• Smart Consumer Reports

    "Smart Consumer Reports" is a weekly show that provides consumers with credible information for them to make rational choices through comparative experiments and analysis of consumer goods and services as consumers are the weak compared to producers and distributors. This episode covers the worst case of manufactured product in Korea, the humidifier sterilizer incident. The official recorded deaths are 146 from this incident and it's already been 5 years since the incident occurred. However, the government has been neglecting this incident and there has been no punishment for the manufacturer and compensation for the victims. This program reports such results and seeks for an institutional solution that can save the victims.
  • The Pentagon’s $10-Billion Bet Gone Bad

    This body of work is the result of reporter David Willman’s investigations of the nation’s dauntingly complex missile-defense programs. The articles reveal how program after program was sold to Congress based on false and misleading claims – ultimately amounting to waste on a grand scale. The U.S. spent $2.2 billion alone for a giant, floating radar that was supposed to scan the skies for long-range missiles from North Korea or other “rogue” nations. But the radar spends most of the year mothballed at Pearl Harbor – and has never docked at its intended Alaskan berth. The “SBX” radar, Willman reported, will never fulfill its intended strategic mission.
  • The War Over Continental Shelves

    Around the Korean peninsular, there are huge continental shelves which potentially possess excess amounts of valuable and natural resources such as gas and oil. In the Joint Development Zone, Korean and Japanese governments acquiesced to share this territory. Despite the agreement between Korea and Japan to develop underwater resources of the region jointly, skeptics have suspicions that when the treaty expires in 2028, the entire zone will become Japan's.
  • Sony Hack

    Electronic infiltration has become the signature crime of the 21st century, and Fortune’s “Inside the Hack of the Century” tells the story of the most devastating attack to date: the cyberassault that brought Sony Pictures to its knees. Later attributed to the North Korean government, it spread terror not only throughout the movie industry, where theaters refused to show Sony’s The Interview for fear it would prompt reprisals from North Korea (which was furious that the movie depicted the assassination of its leader), but throughout corporate America.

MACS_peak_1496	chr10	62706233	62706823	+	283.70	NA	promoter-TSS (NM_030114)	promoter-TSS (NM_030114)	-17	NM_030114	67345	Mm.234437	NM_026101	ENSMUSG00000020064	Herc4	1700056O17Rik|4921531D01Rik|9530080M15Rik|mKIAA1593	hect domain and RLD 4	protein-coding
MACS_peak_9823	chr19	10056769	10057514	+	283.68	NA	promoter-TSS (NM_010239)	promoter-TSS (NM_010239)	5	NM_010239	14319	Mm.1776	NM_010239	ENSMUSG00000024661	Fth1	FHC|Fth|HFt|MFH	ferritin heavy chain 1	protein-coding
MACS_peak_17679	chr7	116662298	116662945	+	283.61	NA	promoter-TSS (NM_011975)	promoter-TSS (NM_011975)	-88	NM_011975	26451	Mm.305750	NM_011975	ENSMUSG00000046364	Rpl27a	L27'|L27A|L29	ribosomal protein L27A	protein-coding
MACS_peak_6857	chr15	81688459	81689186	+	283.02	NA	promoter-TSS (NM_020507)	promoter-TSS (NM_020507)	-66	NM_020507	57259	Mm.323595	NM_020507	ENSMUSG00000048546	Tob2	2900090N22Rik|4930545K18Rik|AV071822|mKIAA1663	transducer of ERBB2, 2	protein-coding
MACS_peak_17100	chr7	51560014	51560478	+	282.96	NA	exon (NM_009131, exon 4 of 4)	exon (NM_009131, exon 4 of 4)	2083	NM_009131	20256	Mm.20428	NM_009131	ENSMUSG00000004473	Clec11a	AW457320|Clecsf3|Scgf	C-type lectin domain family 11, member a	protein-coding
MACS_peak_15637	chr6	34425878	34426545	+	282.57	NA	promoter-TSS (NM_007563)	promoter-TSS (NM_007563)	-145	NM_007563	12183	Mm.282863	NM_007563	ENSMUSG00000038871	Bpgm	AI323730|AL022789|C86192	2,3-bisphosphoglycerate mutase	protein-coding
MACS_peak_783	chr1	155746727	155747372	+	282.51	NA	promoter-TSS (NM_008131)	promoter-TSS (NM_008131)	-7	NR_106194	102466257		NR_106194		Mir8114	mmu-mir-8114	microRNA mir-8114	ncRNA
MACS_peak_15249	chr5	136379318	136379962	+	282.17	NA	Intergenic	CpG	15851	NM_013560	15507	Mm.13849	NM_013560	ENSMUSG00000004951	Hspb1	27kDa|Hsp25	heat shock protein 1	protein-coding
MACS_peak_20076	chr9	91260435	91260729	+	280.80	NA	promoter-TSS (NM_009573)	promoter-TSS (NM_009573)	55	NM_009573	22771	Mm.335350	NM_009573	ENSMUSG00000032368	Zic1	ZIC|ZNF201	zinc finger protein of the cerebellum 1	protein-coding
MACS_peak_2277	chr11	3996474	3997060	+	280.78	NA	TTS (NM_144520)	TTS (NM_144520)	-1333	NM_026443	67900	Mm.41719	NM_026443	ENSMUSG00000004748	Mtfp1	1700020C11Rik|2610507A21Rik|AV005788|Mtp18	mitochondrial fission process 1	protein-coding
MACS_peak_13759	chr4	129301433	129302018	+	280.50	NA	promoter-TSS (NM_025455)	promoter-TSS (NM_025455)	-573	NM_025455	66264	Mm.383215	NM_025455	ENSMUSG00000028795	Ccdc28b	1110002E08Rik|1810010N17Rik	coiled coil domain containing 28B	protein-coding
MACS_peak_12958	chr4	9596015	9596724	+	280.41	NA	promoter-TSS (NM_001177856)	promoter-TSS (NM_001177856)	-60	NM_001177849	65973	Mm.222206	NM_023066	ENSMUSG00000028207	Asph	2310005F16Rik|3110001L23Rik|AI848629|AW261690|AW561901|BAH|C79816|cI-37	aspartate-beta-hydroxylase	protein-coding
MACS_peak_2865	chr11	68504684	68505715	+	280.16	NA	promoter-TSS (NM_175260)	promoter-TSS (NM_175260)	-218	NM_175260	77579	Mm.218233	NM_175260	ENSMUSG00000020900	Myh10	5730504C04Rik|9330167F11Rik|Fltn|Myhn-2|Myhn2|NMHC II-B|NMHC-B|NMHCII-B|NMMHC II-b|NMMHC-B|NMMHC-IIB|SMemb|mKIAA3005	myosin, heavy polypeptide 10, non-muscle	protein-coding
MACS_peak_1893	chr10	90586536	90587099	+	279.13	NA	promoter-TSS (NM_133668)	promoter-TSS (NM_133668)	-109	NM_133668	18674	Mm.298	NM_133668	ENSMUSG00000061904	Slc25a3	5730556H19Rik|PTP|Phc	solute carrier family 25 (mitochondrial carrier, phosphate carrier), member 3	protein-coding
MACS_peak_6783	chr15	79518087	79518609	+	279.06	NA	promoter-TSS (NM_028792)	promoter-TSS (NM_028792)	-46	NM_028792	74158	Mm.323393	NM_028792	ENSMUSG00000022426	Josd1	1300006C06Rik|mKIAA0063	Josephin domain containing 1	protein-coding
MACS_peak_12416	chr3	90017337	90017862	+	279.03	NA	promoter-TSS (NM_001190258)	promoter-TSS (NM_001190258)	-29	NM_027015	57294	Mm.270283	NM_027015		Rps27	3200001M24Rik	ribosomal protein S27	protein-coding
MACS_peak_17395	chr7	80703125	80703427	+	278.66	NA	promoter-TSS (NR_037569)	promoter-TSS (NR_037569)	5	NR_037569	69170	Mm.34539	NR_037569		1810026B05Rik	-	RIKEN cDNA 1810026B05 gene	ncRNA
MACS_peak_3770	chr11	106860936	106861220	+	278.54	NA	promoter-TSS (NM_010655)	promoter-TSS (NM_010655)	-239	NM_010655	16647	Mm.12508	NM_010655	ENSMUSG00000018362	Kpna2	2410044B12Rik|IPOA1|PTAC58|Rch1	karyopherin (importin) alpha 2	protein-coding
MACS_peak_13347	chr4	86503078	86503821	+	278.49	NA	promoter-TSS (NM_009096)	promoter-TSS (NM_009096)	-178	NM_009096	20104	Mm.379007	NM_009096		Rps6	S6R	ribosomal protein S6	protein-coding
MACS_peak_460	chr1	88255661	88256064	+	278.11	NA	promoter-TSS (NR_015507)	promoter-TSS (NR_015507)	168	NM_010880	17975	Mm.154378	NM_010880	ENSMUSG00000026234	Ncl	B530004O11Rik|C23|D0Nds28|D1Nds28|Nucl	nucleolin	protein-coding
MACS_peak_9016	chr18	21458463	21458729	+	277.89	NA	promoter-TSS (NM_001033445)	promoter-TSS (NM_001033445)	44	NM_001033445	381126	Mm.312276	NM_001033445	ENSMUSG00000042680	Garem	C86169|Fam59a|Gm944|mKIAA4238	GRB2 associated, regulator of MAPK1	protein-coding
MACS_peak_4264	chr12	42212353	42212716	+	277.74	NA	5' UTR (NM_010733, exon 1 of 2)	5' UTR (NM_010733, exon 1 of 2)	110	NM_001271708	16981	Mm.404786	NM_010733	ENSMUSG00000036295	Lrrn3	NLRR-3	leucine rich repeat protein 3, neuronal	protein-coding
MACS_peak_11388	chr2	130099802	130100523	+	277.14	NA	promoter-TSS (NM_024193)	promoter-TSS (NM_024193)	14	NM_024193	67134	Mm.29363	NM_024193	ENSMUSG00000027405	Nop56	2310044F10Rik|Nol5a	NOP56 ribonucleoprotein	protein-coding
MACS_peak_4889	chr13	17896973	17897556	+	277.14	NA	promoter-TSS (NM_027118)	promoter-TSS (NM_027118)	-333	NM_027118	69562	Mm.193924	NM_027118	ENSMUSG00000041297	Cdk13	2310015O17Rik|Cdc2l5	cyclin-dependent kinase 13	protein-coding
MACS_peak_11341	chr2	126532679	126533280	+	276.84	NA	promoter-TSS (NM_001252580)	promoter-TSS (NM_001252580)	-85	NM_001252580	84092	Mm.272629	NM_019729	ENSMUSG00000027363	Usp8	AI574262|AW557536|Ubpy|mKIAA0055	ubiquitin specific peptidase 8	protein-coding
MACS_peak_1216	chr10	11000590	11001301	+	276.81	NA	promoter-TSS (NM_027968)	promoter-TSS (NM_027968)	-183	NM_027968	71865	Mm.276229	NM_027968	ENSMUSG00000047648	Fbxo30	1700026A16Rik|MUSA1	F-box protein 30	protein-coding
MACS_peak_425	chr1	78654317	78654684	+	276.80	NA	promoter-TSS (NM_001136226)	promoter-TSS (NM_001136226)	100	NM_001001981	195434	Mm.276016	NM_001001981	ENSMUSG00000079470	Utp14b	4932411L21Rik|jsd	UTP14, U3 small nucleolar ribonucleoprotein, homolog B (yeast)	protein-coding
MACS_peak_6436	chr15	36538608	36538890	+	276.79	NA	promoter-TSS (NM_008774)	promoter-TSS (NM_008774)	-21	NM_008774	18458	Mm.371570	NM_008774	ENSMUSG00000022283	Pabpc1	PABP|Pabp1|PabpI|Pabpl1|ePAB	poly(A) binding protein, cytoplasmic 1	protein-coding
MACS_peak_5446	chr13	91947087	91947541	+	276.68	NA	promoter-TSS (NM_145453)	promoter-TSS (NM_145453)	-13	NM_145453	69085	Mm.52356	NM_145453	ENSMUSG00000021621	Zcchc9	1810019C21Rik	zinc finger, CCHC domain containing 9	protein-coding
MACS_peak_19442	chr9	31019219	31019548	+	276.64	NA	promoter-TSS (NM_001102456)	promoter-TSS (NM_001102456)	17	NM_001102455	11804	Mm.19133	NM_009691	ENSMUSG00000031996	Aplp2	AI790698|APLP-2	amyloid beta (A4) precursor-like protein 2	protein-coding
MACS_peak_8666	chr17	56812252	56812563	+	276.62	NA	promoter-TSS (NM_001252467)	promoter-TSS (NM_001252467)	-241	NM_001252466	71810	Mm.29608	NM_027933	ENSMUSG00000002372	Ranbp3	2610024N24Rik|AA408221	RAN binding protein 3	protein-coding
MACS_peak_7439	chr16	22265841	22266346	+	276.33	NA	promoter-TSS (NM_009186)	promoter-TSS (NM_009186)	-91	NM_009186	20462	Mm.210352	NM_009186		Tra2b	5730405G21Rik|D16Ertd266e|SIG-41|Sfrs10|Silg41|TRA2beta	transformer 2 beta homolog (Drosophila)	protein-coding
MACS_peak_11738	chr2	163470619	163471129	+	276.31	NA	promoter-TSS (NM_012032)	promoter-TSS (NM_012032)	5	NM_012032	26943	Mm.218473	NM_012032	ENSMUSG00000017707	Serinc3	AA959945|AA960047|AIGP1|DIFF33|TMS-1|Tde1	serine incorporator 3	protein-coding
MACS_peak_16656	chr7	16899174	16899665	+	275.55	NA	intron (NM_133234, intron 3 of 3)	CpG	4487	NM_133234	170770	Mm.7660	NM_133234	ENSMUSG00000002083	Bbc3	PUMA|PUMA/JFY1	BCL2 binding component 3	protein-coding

• Nuclear Radiation and Food Safety

    Although the agricultural products from regions near Fukushima, Japan are still tainted by radiation, the South Korean government is looking to resume imports, adding to the fear of radiation exposure among Korean citizens, Rumors are rife on the internet, amplifying the atmosphere of terror. Our team carried out a full investigation of the actual situation in Japan to help address the widespread fear. The real radiation levels of agricultural products from the 8 prefectures near Fukushima were tested and revealed. The message of the program was that the import decisions of the Korean government has to give top priority public food security
  • Who's Behind Newsweek?

    Mother Jones published the findings of an investigation uncovering evidence of a close business relationship between the media company International Business Times (IBT)-the owners of Newsweek-and the Community, a Christian sect led by Korean pastor David Jang. Journalist Ben Dooley conducted dozens of interviews with former employees of IBT and other Community organizations and scoured thousands of pages of public records and internal documents, ranging from emails to budget and strategic plans.